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Hourly billing vs value pricing: Which do you prefer?

Today, clients have the power to be selective in choosing an accountant and most prefer to determine their budgets upfront, giving firms that have embraced a value pricing model a significant competitive advantage.

Hourly billing vs value pricing: Which do you prefer?

by QuickBooks Australia


Today, clients have the power to be selective in choosing an accountant and most prefer to determine their budgets upfront, giving firms that have embraced a value pricing model a significant competitive advantage.

Aside from dictating cash flow, pricing methods can influence a company’s reputation. And given Australia’s volatile economy, it’s important to explore the natural shift accountants are making from the more traditional hourly billing model to the less-travelled route of value pricing.

Value pricing focuses on the value an accountant or bookkeeper adds to their client. It means setting up a price in advance of providing the service based on the value it will create for the client, with a clear outline of what is included in the price.

Conversely, hourly billing emphasises the number of hours an accountant has spent on a job. Essentially, it sees accountants bill their clients by the hour.

As new technology changes the accounting and bookkeeping market, a majority of firms are interchanging between the two pricing models, says Meagan Wood, Head of Advisor Marketing at Intuit.

According to industry stats, around 15 per cent of Australian firms have taken the leap and now rely solely on the value billing model.

“It is important to remember that clients are paying accountants for their knowledge and experience, and not for their hours,” says Ms Wood.

But for accountants who have always billed by the hour, pricing value requires a complete paradigm shift. It means transitioning away from viewing their work as an exact science, to reflecting on the worth of the services they provide.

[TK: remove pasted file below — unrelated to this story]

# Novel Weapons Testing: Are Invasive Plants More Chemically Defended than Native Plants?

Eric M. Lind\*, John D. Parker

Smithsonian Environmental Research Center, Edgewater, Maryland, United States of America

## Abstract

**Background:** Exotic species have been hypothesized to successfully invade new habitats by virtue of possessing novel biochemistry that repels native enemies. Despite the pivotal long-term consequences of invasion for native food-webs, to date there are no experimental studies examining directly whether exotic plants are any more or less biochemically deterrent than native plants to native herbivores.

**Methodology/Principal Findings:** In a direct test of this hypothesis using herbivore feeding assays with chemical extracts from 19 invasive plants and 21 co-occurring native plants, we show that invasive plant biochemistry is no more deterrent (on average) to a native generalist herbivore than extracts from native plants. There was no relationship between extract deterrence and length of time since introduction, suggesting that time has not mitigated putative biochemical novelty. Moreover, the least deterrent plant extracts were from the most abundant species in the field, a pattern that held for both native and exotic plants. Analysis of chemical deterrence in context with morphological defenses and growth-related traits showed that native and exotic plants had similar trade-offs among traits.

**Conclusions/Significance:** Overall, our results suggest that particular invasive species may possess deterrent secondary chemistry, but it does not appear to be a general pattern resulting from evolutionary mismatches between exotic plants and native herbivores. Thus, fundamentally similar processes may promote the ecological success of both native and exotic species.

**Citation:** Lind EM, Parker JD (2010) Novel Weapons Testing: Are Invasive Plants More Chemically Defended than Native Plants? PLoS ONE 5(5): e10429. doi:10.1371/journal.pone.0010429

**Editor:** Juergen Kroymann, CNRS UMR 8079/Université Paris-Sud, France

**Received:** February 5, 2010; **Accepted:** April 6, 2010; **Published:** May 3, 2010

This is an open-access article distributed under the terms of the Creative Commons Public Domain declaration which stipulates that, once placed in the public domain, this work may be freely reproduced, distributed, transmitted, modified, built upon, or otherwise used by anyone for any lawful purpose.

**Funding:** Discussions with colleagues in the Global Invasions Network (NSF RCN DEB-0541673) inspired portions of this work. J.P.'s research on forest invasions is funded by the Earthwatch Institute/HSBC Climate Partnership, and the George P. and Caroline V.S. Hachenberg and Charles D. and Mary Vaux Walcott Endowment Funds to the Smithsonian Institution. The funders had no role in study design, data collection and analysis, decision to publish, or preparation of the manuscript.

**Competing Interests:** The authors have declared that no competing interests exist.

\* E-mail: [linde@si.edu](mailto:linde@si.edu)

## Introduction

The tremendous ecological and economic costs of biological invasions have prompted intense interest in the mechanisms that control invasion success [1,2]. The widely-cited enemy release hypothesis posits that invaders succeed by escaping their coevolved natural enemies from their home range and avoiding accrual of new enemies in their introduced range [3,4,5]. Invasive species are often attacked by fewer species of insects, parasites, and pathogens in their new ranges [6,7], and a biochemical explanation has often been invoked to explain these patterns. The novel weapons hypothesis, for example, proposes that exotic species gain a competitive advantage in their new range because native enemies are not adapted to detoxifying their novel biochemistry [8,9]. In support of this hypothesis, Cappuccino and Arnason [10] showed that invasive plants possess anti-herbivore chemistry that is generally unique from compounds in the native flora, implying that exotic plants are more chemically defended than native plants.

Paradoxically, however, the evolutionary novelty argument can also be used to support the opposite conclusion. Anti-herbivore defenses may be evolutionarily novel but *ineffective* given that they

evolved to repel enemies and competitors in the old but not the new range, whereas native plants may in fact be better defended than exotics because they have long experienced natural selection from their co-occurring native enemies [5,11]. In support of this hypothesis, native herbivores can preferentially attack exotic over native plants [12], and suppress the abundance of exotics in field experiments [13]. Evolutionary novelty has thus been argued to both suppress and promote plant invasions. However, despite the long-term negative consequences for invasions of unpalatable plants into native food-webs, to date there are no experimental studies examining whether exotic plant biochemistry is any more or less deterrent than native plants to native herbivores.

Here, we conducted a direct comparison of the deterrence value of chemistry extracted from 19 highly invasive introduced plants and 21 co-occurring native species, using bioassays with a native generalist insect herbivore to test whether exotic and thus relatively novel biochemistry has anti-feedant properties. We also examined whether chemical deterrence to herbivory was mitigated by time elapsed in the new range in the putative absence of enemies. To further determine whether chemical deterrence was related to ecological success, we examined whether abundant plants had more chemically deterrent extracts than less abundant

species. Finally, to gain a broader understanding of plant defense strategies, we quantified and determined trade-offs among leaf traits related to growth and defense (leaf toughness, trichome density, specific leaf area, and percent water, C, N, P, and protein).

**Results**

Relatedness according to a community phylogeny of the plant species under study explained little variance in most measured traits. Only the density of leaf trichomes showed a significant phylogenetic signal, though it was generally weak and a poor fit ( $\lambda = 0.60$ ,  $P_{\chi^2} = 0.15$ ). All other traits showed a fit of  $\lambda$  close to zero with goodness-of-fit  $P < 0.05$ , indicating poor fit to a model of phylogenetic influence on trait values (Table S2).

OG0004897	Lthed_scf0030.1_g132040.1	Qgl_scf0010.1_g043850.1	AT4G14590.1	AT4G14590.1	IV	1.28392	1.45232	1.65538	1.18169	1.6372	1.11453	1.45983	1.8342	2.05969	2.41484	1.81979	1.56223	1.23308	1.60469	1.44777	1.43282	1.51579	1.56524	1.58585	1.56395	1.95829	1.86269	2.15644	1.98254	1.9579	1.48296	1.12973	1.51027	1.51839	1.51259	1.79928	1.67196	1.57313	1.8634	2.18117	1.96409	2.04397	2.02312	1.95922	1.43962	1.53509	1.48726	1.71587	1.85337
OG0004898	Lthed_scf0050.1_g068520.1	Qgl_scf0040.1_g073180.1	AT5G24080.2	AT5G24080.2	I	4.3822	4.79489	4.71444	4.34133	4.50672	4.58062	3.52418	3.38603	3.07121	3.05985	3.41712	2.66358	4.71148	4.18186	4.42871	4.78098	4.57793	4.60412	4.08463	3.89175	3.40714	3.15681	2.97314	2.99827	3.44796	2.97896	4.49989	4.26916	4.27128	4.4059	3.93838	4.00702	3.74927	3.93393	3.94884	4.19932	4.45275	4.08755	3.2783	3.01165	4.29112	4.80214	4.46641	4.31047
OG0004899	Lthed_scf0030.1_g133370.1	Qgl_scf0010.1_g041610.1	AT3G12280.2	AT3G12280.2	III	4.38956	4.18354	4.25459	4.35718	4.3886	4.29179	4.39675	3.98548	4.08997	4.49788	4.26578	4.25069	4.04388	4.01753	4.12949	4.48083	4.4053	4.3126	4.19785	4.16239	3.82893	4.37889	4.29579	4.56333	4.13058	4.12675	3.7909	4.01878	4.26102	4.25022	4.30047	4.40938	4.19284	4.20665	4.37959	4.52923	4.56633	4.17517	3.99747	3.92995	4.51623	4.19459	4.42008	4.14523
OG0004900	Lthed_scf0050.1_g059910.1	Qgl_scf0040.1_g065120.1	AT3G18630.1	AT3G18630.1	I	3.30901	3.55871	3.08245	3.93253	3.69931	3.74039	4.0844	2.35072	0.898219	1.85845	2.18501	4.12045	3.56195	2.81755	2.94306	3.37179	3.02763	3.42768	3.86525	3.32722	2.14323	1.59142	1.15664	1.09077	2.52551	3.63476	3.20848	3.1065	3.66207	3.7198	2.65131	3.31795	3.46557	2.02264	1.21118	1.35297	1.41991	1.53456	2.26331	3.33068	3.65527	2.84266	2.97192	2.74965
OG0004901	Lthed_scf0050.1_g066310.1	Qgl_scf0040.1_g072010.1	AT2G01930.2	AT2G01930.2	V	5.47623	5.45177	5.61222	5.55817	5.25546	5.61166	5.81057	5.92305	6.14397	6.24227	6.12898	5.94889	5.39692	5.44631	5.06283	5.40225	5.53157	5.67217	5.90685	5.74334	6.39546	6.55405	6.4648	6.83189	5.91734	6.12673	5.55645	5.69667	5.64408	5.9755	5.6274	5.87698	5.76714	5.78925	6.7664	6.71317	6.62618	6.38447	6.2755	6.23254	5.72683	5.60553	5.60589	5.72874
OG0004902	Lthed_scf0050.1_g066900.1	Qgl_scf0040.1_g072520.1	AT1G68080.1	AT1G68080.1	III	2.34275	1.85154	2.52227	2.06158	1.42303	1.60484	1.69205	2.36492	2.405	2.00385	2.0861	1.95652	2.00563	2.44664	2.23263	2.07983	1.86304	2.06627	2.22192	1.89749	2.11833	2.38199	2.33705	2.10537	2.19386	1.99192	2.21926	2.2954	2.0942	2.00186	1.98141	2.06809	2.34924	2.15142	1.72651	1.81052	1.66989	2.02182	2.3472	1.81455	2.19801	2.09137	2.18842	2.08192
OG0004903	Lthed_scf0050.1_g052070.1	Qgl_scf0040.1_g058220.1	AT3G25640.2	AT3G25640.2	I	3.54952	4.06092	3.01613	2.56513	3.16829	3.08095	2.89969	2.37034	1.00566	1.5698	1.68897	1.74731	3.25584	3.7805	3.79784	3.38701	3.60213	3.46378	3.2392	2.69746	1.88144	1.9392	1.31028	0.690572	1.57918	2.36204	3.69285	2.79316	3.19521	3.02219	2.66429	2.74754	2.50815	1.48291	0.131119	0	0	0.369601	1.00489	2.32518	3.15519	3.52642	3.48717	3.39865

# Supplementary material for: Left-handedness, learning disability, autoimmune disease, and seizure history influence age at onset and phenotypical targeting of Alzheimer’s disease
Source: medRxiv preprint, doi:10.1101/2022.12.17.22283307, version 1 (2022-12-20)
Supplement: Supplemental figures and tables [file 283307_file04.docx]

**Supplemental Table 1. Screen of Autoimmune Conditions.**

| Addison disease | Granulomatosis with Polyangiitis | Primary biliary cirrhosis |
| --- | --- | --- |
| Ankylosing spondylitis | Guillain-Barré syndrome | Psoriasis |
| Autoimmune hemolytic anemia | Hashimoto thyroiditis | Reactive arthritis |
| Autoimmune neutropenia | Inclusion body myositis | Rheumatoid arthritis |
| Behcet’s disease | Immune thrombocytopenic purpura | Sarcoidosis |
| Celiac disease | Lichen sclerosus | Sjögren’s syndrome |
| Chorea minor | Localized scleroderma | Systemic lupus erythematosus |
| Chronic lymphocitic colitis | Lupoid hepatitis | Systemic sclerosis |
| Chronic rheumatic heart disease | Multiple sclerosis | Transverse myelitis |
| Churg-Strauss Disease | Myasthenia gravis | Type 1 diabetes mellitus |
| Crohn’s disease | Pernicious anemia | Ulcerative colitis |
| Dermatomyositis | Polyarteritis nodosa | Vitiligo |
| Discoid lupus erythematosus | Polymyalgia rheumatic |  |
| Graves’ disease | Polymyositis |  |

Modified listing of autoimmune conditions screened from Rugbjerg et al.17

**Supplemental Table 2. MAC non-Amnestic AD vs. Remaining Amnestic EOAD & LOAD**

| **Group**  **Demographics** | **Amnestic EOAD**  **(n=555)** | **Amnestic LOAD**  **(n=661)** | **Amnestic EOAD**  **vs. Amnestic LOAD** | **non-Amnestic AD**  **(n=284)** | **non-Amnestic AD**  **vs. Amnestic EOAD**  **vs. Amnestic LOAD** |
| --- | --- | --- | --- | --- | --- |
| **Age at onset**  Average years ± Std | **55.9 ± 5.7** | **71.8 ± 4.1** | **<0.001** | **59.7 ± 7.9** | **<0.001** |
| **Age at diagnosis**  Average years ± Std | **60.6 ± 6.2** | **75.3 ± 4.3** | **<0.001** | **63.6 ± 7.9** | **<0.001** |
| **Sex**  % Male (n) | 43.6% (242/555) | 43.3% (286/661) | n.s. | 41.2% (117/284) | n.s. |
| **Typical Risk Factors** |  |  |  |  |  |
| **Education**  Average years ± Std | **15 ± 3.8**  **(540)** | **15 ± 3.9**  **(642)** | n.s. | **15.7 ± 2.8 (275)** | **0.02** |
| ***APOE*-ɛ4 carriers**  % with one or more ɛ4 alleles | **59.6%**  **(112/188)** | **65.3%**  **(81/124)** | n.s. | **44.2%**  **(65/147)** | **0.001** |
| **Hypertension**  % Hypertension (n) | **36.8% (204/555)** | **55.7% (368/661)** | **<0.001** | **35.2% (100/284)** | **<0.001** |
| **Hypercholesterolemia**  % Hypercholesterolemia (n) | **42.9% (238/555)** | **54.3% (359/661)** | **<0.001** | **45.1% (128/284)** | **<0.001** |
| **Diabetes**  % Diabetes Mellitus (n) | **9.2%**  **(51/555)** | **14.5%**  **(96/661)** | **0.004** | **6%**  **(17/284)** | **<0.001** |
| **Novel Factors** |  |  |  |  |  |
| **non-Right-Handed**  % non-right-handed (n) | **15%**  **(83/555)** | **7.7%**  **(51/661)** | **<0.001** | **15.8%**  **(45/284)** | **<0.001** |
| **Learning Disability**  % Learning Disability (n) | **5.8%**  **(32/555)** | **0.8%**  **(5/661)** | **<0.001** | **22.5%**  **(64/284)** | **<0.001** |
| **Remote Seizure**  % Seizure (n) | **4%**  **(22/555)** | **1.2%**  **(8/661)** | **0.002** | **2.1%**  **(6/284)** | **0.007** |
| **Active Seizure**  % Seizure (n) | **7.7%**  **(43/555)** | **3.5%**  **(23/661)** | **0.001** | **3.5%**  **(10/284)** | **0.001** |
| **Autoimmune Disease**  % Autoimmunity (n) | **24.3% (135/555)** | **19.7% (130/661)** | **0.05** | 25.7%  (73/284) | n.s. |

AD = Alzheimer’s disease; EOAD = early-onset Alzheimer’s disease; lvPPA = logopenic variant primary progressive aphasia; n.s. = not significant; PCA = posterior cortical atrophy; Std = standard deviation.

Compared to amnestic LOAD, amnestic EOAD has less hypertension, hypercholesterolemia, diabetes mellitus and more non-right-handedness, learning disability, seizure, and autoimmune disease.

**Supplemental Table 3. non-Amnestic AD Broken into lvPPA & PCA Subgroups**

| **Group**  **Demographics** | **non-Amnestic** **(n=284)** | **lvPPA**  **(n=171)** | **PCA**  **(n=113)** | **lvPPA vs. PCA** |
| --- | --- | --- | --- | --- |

Ms Wood reveals the three key ways the value pricing model has impacted accounting and bookkeeping firms that have embraced it.  

  1. Increased profit margins – When value pricing is coupled with the adoption of technology, firms typically make (and expect) a greater profit margin on a client job simply from the efficiencies they gain.
    For example, moving to a cloud accounting solution that has a direct bank feed and automated transaction coding dramatically reduces manual data entry and presents a more accurate set of books for the firm to work on.
  1. Improved cash flow – With the price and service agreed up front, some firms take this to the next step and spread their agreed fee across several payments.Some could debate this is a fixed fee agreement but it’s a logical way for the firm and client to manage their respective cash flows.
  1. Stronger client relationships – With the fee and scope of work agreed, the client and their adviser can get to work on completing the job. If the scope includes regular check ins and reports, the relationship and trust develop beyond the typical end-of-job conversation.
    Further, with an agreed fee, there’s no ‘sticker shock’ by the client when the fee arrives, which removes any awkward relationship-straining conversations – or frustrating practice write offs.